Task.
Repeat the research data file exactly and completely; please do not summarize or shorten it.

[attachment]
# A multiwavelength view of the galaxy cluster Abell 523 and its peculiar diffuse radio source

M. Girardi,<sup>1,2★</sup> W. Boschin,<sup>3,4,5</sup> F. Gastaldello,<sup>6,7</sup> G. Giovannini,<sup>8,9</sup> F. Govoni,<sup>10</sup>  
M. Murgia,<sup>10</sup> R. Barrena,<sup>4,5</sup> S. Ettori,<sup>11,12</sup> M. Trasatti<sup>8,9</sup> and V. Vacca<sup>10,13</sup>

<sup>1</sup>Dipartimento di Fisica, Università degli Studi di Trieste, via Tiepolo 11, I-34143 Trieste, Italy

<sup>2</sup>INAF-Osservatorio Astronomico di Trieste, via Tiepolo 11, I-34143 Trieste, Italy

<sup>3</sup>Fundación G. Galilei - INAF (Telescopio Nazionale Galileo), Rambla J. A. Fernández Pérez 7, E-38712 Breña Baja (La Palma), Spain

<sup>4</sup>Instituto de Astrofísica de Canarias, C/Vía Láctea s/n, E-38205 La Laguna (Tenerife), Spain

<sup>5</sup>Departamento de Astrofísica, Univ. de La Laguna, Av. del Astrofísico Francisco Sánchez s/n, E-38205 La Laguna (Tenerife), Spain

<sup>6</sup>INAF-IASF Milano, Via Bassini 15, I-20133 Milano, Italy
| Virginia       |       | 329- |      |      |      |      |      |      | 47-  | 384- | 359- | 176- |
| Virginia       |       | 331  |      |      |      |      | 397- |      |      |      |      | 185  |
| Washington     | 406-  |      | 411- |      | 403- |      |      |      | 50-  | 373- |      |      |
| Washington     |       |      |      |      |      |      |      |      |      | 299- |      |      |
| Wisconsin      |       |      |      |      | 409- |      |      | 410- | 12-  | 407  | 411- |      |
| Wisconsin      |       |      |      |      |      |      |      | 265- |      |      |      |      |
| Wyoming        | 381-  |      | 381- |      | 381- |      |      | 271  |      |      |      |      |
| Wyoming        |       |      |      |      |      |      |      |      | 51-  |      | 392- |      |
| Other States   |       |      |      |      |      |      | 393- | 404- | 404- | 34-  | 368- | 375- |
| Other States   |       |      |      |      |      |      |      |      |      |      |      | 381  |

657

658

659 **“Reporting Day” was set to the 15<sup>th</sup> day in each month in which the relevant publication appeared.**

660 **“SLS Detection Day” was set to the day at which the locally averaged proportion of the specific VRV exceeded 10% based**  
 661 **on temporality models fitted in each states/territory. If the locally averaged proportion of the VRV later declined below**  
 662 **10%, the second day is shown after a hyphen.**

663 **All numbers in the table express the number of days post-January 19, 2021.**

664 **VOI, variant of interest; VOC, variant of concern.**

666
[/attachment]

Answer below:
# A multiwavelength view of the galaxy cluster Abell 523 and its peculiar diffuse radio source

M. Girardi,<sup>1,2★</sup> W. Boschin,<sup>3,4,5</sup> F. Gastaldello,<sup>6,7</sup> G. Giovannini,<sup>8,9</sup> F. Govoni,<sup>10</sup>  
M. Murgia,<sup>10</sup> R. Barrena,<sup>4,5</sup> S. Ettori,<sup>11,12</sup> M. Trasatti<sup>8,9</sup> and V. Vacca<sup>10,13</sup>

<sup>1</sup>Dipartimento di Fisica, Università degli Studi di Trieste, via Tiepolo 11, I-34143 Trieste, Italy

<sup>2</sup>INAF-Osservatorio Astronomico di Trieste, via Tiepolo 11, I-34143 Trieste, Italy

<sup>3</sup>Fundación G. Galilei - INAF (Telescopio Nazionale Galileo), Rambla J. A. Fernández Pérez 7, E-38712 Breña Baja (La Palma), Spain

<sup>4</sup>Instituto de Astrofísica de Canarias, C/Vía Láctea s/n, E-38205 La Laguna (Tenerife), Spain

<sup>5</sup>Departamento de Astrofísica, Univ. de La Laguna, Av. del Astrofísico Francisco Sánchez s/n, E-38205 La Laguna (Tenerife), Spain

<sup>6</sup>INAF-IASF Milano, Via Bassini 15, I-20133 Milano, Italy
| Virginia       |       | 329- |      |      |      |      |      |      | 47-  | 384- | 359- | 176- |
| Virginia       |       | 331  |      |      |      |      | 397- |      |      |      |      | 185  |
| Washington     | 406-  |      | 411- |      | 403- |      |      |      | 50-  | 373- |      |      |
| Washington     |       |      |      |      |      |      |      |      |      | 299- |      |      |
| Wisconsin      |       |      |      |      | 409- |      |      | 410- | 12-  | 407  | 411- |      |
| Wisconsin      |       |      |      |      |      |      |      | 265- |      |      |      |      |
| Wyoming        | 381-  |      | 381- |      | 381- |      |      | 271  |      |      |      |      |
| Wyoming        |       |      |      |      |      |      |      |      | 51-  |      | 392- |      |
| Other States   |       |      |      |      |      |      | 393- | 404- | 404- | 34-  | 368- | 375- |
| Other States   |       |      |      |      |      |      |      |      |      |      |      | 381  |

657

658

659 **“Reporting Day” was set to the 15<sup>th</sup> day in each month in which the relevant publication appeared.**

660 **“SLS Detection Day” was set to the day at which the locally averaged proportion of the specific VRV exceeded 10% based**  
 661 **on temporality models fitted in each states/territory. If the locally averaged proportion of the VRV later declined below**  
 662 **10%, the second day is shown after a hyphen.**

663 **All numbers in the table express the number of days post-January 19, 2021.**

664 **VOI, variant of interest; VOC, variant of concern.**

666